Conviviality: What It is How to Get Some

conviviality in a North Carolinian sunset

Conviviality. What an interesting – and for most of us – foreign word. Evidently, somewhere between 1660 and 1670, speakers of Late Latin used it to describe feasts and pastimes of living together, dining together.

Three hundred years later, Ivan Illich applied the concept of conviviality to modern peoples and their “tools.” He described societies by their relationships with each other and with their technologies:

Such a society, in which modern technologies serve politically interrelated individuals rather than managers, I will call ‘convivial.’ – Ivan Illich

Like Illich I prefer to think of conviviality as a special quality of living together. For me, it’s really about dwelling together, a sort of being and doing together. It’s about people picking apples in an orchard. Folks tilling soil in a community garden. Townspeople gathering on a common lawn to listen and dance to live music.

In many places, these convivial acts are fading away. They’re being replaced by solitary activity. Most of us commute to work alone. We tend to eat lunch and dinner alone. We work in absolute – or at best, quasi – solitude. We play video games and check Facebook and Twitter and Instagram and Pinterest alone. We return home alone – or if fortunate enough – to an increasingly insular domestic bubble. We’re living in an unprecedented age of loneliness.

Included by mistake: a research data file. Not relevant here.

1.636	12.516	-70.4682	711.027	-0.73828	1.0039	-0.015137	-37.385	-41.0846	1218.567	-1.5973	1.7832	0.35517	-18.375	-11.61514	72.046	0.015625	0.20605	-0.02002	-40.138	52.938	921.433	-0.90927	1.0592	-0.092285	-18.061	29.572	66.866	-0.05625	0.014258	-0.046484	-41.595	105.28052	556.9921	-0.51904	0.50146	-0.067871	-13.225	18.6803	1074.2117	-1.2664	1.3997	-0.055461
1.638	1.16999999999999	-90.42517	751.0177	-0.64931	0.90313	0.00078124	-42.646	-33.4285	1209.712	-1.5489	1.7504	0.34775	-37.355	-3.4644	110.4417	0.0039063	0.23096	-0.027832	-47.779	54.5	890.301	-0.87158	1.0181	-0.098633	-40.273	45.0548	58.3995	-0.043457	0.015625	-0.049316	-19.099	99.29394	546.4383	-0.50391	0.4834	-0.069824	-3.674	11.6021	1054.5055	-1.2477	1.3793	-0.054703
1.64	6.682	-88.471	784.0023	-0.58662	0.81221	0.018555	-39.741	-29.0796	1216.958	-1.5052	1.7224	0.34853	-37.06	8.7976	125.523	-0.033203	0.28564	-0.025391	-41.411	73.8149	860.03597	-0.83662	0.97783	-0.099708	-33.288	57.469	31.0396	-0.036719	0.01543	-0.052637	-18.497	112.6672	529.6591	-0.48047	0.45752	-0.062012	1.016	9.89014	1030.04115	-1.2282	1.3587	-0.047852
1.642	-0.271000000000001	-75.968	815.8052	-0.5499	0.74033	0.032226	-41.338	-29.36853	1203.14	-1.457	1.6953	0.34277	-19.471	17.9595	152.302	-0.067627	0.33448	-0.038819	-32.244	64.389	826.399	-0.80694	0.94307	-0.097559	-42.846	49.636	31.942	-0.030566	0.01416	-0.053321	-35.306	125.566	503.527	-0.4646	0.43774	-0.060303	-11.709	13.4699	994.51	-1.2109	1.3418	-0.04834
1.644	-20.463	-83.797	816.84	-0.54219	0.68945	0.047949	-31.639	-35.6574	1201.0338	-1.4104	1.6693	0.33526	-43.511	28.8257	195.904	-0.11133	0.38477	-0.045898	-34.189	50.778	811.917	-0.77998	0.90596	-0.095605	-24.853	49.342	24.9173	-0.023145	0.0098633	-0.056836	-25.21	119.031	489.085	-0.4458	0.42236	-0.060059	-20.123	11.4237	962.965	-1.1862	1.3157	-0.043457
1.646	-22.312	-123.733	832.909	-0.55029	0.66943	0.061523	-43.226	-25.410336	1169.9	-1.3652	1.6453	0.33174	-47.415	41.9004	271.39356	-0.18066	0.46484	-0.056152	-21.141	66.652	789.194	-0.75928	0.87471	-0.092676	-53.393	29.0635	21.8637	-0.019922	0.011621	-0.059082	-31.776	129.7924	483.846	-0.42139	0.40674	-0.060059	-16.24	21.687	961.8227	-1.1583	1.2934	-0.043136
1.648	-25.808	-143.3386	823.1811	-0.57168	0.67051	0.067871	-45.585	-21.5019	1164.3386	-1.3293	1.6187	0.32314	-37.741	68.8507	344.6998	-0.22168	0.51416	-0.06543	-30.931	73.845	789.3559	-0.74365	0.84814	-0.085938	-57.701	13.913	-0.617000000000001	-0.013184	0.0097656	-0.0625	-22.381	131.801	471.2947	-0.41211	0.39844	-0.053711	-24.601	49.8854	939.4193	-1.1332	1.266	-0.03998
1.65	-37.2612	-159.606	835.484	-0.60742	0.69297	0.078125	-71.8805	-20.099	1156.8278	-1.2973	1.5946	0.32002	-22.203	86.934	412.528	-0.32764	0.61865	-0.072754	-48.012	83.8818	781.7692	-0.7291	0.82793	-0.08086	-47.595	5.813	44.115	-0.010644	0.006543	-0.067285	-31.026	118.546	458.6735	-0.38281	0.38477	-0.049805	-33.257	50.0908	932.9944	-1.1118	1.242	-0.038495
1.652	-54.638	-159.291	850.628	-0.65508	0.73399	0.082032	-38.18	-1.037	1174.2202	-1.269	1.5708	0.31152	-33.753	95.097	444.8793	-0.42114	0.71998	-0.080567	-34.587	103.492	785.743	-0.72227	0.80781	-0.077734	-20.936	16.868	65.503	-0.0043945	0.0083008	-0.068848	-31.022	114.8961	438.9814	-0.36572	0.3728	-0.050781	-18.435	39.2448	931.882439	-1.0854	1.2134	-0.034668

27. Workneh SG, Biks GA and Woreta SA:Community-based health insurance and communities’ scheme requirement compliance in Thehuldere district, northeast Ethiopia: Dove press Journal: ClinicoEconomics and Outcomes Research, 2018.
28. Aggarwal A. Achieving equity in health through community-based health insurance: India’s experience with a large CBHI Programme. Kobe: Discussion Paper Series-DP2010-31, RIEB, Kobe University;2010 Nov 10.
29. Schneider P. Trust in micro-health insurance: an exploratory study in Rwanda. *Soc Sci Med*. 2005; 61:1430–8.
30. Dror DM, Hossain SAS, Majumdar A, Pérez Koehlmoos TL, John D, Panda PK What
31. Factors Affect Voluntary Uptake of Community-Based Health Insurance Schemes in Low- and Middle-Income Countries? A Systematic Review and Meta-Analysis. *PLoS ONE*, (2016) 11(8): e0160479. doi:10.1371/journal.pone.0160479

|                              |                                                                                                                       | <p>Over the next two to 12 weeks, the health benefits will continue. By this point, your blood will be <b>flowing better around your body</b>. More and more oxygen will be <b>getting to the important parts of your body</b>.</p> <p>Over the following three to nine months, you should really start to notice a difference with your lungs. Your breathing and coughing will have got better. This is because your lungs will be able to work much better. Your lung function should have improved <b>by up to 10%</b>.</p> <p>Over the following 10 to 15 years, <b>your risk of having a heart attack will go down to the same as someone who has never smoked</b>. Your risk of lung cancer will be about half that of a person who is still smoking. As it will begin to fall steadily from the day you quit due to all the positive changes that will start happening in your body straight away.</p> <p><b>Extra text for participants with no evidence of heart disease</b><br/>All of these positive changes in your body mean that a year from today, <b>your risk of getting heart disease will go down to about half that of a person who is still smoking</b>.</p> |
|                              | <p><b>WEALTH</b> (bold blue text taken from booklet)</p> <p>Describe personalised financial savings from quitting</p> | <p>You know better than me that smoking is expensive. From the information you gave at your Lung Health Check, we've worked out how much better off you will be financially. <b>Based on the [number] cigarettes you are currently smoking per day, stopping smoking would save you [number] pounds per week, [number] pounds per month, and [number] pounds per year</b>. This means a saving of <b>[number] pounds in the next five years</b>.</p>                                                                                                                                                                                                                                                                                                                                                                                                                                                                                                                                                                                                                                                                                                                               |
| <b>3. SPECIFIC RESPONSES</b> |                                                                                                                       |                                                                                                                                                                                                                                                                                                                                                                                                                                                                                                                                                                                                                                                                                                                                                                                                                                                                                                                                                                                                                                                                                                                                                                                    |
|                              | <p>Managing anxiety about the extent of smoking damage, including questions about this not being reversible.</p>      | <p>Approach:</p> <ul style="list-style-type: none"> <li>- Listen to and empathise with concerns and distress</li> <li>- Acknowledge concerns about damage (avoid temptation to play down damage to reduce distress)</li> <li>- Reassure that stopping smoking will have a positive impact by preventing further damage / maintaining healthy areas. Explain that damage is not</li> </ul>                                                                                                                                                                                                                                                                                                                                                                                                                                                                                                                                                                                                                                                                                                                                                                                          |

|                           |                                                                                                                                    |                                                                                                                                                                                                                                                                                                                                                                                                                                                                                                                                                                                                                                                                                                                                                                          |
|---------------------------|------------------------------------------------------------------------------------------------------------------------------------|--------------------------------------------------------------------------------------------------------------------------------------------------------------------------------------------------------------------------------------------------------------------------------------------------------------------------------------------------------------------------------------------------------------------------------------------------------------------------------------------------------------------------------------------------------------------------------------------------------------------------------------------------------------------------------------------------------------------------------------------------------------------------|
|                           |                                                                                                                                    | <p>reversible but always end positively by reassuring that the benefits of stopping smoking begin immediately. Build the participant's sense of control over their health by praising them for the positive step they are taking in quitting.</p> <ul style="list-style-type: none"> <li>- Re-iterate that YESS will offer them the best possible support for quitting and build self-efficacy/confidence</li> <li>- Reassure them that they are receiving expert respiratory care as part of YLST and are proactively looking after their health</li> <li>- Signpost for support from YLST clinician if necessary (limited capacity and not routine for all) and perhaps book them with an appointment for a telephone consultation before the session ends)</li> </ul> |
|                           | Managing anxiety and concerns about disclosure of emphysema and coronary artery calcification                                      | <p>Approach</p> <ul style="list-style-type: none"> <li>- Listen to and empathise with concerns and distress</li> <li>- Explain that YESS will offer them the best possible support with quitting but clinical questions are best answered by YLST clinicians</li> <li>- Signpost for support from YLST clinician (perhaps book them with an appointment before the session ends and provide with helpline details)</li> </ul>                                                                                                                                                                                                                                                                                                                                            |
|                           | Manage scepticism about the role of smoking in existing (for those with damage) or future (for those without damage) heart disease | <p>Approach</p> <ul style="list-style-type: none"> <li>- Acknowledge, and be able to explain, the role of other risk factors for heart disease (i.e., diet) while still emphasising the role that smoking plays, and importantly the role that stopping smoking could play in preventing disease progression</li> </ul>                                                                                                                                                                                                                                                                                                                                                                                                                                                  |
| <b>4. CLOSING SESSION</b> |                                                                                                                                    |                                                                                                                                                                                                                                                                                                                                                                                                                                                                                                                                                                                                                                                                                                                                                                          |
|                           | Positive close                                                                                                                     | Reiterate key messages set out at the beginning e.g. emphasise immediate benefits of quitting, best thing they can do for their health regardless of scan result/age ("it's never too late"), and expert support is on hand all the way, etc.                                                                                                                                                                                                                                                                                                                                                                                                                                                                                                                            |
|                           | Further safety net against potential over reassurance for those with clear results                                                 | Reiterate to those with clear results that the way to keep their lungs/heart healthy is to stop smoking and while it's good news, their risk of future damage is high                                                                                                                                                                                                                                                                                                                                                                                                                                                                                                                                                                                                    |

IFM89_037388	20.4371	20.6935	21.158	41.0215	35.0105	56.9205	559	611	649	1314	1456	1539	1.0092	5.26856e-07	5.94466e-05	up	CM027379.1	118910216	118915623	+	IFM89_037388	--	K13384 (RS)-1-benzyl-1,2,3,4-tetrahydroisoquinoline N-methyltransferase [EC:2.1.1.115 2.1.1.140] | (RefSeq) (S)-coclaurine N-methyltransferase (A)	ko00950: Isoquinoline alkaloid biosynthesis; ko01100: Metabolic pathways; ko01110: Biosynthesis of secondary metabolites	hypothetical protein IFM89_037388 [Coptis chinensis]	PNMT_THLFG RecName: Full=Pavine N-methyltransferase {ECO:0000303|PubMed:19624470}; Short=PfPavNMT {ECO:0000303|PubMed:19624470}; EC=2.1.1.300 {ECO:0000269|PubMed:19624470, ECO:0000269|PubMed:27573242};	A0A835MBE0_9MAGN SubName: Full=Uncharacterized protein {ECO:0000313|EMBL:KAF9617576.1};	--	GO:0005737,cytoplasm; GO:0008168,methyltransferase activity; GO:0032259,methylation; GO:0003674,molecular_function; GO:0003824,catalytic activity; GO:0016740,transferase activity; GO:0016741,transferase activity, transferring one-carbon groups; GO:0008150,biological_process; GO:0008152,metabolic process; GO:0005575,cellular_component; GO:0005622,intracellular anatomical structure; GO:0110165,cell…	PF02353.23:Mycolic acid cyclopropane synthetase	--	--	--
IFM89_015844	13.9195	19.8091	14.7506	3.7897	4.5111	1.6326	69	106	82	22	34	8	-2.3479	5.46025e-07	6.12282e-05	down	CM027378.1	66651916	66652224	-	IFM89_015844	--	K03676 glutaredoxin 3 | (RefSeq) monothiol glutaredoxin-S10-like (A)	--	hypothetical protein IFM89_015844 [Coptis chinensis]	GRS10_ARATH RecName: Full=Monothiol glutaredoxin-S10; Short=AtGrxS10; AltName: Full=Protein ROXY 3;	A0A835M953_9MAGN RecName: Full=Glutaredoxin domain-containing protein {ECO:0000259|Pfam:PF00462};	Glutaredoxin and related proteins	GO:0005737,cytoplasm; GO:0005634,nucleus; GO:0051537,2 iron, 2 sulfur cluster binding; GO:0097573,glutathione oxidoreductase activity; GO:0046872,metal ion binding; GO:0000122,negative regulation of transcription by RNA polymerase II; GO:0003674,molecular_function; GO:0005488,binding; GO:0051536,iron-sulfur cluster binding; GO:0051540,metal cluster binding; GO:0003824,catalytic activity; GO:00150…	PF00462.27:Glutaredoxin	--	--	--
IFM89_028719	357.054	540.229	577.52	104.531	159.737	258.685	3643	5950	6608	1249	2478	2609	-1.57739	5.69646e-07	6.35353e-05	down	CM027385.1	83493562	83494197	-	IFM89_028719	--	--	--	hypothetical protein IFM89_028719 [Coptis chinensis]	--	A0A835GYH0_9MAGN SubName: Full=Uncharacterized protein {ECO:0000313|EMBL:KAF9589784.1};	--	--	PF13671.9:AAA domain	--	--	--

But it doesn’t have to be this way. Perhaps I’ve adorned Pollyanna‘s glasses, but I believe we can reverse the rush toward entrenched loneliness.

Hipster coffeeshops are on the front lines in the battle against loneliness. Burgeoning numbers of cafes are saying no to laptops and wifi, and yes to in-person conversation.

Across the country and the world, parklets, open streets, ‘tactical urbanism‘ are spreading like wildfire. These activities and movements tend to usher in visions of reconnecting people, establishing a sense of place. For the first time in decades, people advocate for front porches, community front lawns, greater ‘walkability’ – the kind that has less to do with access to artisanal cheese shops and more to do with enhancing places’ social vibrancy.

All of these promising trends point the way toward deeper conviviality.

And it all begins with reconnection. Once we re-establish bonds, we’ll want to dwell together. We’ll begin making plans to mutually improve our lives. We’ll break bread together. Prepare meals together. Create music together. It’s up to us. If we commit ourselves to the task, we can and will do all these things together, and with grand conviviality.

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